About 20 years ago, our single Christmas poinsettia was still green and fresh-looking well into the springtime. It was still so lovely in April, I decided it should be saved. I filled some pots with soil and I cut it back quite ruthlessly. I dipped the cuttings into a little rooting hormone and stuck them into the extra pots.
(As always, my reminder: click on the photos to enlarge.)
They lived and grew. Every spring, I kept cutting back, adding new pots, looking for nooks and crannies in the house where they could reside all winter. For the first few years, I followed book rules and covered them every night so they'd have a period of complete darkness. I used dark garbage bags. Then, for awhile, I started stashing them under the table and hung blankets around the sides to block any light. I got tired of that though so I began to treat them like all the other plants. It's been many years since I've worried about them getting light overnight.
After they're cut back, I put them outdoors for the summer. They love being outdoors and stay out well into October. They grow lush and green and they thrive. All these photos were taken this past summer so some of these are just a few months old.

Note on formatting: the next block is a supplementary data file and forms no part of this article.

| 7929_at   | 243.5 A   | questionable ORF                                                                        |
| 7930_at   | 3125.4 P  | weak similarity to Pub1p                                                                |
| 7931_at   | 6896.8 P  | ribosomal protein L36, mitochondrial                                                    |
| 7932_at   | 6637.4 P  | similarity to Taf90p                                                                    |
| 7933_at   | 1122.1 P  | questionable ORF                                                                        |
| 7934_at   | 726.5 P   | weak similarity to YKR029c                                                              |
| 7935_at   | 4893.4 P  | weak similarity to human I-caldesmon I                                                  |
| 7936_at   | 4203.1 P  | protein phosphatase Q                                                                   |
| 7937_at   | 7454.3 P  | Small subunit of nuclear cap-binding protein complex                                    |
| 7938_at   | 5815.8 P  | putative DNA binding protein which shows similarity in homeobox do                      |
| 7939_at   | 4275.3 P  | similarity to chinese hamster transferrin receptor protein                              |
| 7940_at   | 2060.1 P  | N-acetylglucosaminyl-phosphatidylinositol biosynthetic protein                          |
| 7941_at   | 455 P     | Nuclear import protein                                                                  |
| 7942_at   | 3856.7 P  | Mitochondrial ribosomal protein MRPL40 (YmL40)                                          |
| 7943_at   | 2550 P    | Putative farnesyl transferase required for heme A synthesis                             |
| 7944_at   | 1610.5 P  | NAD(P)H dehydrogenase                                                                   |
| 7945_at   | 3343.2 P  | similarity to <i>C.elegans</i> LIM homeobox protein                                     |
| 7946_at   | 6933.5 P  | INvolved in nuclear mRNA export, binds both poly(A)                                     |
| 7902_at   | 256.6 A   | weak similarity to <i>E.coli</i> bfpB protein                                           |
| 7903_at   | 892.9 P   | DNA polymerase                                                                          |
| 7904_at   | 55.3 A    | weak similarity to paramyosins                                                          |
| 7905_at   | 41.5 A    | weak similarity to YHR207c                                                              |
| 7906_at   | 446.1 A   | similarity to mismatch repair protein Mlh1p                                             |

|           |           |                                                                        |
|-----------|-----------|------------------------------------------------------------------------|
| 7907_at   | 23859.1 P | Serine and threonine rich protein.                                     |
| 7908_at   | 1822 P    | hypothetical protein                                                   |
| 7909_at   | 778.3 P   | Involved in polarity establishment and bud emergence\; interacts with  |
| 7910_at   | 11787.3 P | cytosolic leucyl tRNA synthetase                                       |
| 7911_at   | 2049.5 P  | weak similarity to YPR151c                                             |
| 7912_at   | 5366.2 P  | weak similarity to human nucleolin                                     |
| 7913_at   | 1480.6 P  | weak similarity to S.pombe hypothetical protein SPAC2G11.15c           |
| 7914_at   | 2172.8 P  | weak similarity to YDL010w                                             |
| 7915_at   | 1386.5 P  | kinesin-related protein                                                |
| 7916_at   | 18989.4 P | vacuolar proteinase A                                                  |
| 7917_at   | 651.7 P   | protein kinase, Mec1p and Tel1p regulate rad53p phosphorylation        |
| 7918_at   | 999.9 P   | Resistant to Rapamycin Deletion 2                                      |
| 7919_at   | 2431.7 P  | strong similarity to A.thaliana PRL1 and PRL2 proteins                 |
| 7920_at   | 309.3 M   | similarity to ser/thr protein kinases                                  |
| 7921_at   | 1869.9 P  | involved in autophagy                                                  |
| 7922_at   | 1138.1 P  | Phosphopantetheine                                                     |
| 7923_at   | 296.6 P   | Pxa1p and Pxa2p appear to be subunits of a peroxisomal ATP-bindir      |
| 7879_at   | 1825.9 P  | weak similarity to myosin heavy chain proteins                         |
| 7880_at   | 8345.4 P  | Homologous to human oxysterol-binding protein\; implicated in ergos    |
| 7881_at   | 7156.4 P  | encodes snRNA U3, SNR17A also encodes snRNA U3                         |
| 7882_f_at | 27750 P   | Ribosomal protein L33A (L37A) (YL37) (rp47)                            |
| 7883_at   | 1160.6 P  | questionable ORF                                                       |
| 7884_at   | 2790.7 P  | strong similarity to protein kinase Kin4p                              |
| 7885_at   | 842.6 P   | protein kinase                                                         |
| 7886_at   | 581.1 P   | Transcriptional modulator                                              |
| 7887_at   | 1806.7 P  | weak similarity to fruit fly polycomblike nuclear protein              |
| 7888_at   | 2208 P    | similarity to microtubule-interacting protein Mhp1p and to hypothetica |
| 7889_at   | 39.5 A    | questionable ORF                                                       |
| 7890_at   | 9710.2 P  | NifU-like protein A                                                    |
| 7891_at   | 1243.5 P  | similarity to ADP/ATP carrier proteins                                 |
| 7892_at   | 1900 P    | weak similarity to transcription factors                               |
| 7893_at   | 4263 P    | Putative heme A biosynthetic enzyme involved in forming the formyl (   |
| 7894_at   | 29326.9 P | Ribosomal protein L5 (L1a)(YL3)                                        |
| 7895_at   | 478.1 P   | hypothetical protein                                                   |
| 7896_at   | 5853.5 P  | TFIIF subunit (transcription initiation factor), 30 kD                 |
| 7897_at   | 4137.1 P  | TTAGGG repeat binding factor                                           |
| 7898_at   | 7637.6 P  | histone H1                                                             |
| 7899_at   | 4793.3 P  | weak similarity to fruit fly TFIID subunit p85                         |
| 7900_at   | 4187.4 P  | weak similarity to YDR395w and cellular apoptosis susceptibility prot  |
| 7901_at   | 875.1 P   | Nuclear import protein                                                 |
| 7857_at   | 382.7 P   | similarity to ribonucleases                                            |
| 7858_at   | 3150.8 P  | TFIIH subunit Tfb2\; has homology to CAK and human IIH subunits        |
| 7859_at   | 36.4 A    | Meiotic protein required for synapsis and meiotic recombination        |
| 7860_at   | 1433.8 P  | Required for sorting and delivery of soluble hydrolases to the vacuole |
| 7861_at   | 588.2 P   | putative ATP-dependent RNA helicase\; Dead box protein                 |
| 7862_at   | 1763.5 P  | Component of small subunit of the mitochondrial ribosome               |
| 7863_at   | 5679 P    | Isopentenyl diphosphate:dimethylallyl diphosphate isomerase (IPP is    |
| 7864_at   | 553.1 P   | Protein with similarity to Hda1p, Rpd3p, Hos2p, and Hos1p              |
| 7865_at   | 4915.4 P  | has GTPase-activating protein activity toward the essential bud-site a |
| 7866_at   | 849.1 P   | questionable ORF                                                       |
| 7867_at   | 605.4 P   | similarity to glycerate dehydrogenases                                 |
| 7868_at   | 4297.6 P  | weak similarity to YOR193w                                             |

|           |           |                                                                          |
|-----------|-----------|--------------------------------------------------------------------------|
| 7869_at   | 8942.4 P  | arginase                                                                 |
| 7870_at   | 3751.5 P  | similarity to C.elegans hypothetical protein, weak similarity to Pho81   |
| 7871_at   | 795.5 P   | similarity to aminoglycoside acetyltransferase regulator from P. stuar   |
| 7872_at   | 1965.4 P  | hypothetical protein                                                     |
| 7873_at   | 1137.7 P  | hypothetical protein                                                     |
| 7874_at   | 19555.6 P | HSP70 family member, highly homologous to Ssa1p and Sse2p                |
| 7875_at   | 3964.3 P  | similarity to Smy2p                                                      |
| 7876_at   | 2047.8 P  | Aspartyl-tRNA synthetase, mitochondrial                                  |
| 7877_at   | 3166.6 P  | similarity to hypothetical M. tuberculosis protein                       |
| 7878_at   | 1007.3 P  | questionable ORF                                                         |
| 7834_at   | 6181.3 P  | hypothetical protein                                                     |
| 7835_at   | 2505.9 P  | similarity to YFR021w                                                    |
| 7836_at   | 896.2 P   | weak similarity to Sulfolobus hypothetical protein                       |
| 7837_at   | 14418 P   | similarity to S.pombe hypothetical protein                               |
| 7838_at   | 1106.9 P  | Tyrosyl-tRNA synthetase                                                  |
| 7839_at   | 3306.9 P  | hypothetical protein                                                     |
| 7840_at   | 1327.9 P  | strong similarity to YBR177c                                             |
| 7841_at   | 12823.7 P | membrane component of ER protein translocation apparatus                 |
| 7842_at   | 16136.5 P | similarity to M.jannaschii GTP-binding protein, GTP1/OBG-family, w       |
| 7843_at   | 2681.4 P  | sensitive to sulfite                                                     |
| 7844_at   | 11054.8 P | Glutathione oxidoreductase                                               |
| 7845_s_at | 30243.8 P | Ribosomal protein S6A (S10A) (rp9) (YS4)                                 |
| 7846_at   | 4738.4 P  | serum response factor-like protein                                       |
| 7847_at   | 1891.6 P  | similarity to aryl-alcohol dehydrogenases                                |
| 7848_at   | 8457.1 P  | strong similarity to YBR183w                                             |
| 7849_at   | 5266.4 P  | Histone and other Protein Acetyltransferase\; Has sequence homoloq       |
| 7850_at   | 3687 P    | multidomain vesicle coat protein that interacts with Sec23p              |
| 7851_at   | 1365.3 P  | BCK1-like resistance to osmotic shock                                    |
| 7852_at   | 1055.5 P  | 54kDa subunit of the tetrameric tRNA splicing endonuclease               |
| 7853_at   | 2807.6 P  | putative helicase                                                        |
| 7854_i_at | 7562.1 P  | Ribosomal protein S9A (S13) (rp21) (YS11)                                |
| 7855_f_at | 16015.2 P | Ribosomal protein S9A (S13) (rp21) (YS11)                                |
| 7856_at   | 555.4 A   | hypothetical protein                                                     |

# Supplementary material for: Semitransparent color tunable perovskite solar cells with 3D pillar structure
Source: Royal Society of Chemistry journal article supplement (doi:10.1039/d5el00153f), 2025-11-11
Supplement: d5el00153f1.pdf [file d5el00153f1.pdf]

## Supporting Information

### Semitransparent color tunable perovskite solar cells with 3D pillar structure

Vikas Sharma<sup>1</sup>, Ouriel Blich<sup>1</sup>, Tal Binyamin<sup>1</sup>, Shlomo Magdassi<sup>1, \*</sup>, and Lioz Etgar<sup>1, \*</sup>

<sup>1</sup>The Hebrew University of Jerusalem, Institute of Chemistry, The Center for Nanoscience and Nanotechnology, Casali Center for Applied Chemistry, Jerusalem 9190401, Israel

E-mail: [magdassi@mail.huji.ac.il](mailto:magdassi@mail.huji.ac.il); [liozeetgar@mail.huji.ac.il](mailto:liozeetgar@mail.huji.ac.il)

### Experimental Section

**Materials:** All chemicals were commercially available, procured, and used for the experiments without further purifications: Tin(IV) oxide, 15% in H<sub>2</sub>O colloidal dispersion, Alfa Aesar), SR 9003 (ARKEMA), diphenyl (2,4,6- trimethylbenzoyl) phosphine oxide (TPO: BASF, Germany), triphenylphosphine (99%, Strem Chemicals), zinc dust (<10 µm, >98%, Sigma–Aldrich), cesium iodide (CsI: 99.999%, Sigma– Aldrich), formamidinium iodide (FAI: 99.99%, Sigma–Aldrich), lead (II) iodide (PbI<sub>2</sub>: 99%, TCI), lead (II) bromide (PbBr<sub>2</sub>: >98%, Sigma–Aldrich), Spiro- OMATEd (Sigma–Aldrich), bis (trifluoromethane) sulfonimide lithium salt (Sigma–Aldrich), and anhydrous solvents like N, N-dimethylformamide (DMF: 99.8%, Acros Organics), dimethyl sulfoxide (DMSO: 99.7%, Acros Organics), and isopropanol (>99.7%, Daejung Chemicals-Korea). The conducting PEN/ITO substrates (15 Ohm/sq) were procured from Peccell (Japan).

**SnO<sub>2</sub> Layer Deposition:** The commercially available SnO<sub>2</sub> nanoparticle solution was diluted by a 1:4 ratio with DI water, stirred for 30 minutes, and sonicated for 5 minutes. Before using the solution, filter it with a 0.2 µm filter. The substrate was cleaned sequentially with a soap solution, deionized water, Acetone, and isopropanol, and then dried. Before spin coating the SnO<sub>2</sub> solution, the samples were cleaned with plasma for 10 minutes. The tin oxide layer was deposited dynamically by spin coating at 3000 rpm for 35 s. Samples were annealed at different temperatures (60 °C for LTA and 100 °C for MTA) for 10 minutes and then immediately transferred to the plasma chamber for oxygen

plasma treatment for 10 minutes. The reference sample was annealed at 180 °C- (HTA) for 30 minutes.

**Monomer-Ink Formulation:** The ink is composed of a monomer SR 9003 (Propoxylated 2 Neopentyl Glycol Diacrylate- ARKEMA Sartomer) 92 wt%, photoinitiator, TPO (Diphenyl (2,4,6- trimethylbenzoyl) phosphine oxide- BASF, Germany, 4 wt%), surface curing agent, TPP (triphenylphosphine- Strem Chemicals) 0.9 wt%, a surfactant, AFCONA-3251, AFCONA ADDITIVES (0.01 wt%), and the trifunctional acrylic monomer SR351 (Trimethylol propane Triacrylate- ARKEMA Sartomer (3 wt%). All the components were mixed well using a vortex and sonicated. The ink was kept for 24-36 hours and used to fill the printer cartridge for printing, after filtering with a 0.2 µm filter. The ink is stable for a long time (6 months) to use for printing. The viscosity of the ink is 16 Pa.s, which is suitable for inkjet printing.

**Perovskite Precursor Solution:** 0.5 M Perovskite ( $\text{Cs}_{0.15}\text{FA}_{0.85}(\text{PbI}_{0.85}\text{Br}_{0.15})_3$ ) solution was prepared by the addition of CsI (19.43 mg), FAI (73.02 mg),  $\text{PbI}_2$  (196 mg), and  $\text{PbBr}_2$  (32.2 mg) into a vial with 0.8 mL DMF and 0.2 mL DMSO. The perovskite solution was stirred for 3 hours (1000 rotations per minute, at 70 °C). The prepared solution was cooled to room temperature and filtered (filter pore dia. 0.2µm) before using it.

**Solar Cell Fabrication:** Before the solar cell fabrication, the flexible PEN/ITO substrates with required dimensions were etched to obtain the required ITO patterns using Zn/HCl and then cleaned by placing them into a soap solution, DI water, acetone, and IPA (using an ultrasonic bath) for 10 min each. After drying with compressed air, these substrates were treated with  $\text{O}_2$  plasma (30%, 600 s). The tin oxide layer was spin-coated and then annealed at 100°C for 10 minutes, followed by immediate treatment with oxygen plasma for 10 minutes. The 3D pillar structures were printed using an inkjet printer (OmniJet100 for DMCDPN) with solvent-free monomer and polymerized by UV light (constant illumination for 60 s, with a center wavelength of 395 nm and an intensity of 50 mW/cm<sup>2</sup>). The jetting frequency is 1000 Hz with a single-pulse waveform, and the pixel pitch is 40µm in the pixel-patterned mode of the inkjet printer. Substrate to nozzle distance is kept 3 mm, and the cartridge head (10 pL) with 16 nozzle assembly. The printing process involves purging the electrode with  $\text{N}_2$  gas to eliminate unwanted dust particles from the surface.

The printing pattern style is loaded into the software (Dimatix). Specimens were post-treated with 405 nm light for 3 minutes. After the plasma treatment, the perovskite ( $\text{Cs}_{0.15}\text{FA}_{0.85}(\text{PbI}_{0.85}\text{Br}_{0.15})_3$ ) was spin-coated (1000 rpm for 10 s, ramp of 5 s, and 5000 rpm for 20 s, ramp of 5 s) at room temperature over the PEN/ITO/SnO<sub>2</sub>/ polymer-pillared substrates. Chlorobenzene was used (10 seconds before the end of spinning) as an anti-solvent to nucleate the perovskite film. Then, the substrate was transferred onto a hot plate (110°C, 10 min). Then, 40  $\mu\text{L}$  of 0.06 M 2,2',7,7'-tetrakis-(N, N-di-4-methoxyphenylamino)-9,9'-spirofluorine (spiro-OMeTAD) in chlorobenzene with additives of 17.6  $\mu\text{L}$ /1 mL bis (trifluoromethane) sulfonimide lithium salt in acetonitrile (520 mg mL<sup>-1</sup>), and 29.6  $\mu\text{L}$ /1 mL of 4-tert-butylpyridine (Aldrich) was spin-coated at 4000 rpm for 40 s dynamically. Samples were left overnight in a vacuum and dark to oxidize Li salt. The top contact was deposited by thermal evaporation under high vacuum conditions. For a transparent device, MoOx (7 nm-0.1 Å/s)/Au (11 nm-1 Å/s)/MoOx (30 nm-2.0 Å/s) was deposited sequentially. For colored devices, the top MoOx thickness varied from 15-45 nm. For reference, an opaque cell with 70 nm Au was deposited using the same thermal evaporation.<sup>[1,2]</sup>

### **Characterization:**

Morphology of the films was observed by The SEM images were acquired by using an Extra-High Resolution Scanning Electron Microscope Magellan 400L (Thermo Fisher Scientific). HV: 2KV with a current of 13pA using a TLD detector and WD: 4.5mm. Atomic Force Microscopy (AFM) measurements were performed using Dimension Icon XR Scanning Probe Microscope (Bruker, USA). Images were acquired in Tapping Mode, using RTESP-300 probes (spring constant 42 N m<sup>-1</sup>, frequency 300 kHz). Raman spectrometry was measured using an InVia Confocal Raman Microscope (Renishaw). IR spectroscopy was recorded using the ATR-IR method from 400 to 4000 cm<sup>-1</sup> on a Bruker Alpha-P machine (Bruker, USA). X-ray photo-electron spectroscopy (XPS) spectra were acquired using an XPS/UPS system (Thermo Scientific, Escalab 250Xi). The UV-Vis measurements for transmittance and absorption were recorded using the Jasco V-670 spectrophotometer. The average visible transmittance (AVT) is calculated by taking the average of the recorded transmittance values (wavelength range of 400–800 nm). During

Many pots of poinsettias moved to Ottawa with us in the mid '90s, in the moving truck, and lived happily there in two different houses. After a few years, we all moved back to Halifax – toddler, cats and about 20 poinsettias.
Many of the plants produce red bracts for Christmas. They're not at all like the big gaudy ones you see in the stores which look unnatural to me now but that's because these ones look so natural.
There are 17 plants at this point – there have been more and there have been fewer. In the photo below, the one in the top left corner is the Mother of them all. Her main stem is woody, like a small tree trunk. Long may she live.
Below are some of the red bracts that were produced last year although this picture is at the end of the winter when they've become scraggly and are ready to be cut back and ready to enjoy another long summer outdoors.